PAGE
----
Former governor and current U.S. Agriculture Secretary, Tom Vilsack, current Governor Chet Culver, and Congressman Leonard Boswell, all Democrats, joined together today to say Iowa is heading toward an economic recovery. Vilsack touted the impact of federal recovery dollars on Iowa.
Vilsack says in Iowa “it’s fairly clear” 31,000 jobs were retained or created by the economic recovery act. “That’s roughly two-point-three percent of Iowa’s workforce. In other words, our unemployment rate, which is relatively low, relative to other states, would be two-point-three-percent higher but for the recovery act,” Vilsack said.
Vilsack says his agency is heavily involved in the economic effort in the state. Vilsack says there are at least 105 projects in the U.S.D.A. in Iowa that he says will create jobs over the course of the next several months. He says expansion of broadband access, business and industry loan programs and 68 community and facility grants are all part of the ag department’s effort to stimulate the economy in Iowa.
Governor Chet Culver, a Democrat, touted a list of 10 things he says show the Iowa financial condition is improving, including an item that says Iowa’s unemployment is the 10th lowest in the nation. Culver was asked about an add by former governor and Republican candidate Terry Branstad that says Iowa’s unemployment is at a 24-year high. Culver says Branstad was governor during that time of high unemployment 24 years ago.
“He has the all-time record for the highest unemployment rate in our state’s history, 8.5%, so I hope Iowans know that fact, and today it is 6.9,” Culver says. Culver says there were 22 counties that had unemployment rates of 10% or higher in 1983 when Branstad was governor, and today there are just two.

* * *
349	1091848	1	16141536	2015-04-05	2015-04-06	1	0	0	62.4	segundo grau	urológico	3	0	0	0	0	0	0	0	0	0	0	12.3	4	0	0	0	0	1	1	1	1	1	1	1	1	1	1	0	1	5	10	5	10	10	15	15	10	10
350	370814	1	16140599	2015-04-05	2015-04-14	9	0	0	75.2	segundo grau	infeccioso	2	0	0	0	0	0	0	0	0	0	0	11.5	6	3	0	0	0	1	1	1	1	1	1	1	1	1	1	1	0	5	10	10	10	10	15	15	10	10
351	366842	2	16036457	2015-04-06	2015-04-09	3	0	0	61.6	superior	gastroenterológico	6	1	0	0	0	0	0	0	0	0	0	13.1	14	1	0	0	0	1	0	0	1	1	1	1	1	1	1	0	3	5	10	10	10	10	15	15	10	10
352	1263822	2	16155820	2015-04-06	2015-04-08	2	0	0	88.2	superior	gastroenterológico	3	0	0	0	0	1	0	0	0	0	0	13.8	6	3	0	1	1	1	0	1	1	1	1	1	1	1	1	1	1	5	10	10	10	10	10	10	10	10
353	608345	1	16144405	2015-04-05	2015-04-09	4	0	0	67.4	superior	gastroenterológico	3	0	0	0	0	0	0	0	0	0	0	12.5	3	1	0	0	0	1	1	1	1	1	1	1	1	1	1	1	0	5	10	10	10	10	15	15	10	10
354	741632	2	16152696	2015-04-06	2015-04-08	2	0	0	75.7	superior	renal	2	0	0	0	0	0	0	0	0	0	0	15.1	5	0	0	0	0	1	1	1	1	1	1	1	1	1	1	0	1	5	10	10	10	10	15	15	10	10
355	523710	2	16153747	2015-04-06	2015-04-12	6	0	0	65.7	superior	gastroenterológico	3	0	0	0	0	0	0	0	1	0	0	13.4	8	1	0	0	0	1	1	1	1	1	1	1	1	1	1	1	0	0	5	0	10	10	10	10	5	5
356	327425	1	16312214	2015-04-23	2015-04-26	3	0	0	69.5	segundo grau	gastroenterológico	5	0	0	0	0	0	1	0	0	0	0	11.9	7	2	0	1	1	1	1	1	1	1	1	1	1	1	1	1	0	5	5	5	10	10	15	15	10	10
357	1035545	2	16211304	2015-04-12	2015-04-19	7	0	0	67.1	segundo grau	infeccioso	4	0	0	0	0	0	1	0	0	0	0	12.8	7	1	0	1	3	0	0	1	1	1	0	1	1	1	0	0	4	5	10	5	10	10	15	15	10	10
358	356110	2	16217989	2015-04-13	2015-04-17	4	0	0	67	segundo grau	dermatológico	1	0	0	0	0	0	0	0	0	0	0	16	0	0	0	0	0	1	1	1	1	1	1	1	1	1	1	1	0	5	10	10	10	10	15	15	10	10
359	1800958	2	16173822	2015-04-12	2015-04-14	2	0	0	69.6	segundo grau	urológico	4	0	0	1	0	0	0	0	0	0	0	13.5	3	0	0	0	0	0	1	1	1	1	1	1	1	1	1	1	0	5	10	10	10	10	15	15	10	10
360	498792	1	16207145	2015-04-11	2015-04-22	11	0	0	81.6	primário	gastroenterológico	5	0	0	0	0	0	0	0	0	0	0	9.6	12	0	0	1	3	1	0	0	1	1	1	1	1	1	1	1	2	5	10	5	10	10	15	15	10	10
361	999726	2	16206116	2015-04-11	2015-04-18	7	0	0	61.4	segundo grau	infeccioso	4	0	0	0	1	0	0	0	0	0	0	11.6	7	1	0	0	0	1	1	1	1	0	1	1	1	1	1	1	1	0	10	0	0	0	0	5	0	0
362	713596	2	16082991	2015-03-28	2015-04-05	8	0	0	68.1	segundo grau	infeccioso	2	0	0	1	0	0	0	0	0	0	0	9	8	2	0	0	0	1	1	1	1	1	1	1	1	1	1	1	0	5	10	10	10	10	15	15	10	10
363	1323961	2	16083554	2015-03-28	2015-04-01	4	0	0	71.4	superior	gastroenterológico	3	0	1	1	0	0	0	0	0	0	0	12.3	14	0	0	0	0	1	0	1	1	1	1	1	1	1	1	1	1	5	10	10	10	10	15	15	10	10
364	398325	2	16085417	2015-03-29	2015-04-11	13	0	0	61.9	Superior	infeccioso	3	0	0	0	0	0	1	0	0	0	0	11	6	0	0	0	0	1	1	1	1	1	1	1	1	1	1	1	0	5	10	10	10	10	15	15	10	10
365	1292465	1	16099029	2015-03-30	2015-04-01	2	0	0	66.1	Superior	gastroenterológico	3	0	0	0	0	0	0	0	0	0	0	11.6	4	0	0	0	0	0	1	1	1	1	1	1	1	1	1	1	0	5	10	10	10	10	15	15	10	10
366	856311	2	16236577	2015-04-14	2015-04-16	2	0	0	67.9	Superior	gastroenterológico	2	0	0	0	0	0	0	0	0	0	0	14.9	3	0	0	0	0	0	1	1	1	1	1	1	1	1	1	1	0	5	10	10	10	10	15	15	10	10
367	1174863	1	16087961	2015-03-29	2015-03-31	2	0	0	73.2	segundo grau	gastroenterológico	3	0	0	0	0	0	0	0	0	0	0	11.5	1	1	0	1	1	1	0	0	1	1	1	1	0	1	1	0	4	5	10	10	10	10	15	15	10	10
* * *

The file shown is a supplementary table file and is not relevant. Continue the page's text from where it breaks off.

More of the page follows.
Culver says he feels good about where the state’s economy is as he prepares his run for a second term. “So I am happy to contrast my record against former governor Brantad’s on any issue related to the economy and unemployment,” Culver said. While Culver and Congressman Boswell are both running for re-election, Vilsack said he is not in Iowa to campaign for anyone.
But the former governor did give his assessment of Culver’s chances. “He’s in better shape than I was at this point in time in my re-lection effort, I would have been happy to have been in the place that he is in June of 2002,” Vilsack says, “I’m very confident that Governor Culver is going to be re-elected. I think he has a great story to tell. He has governed during very, very difficult times. Only somebody who has been in that position can fully understand how difficult it has been.”
Vilsack’s comments ironically would also indicate that Branstad has an understanding of the economic problems facing the state, as Branstad was governor during the farm crisis of the 1980s.
Listen to the entire news conference here: Vilsack/Culver 33:00 MP3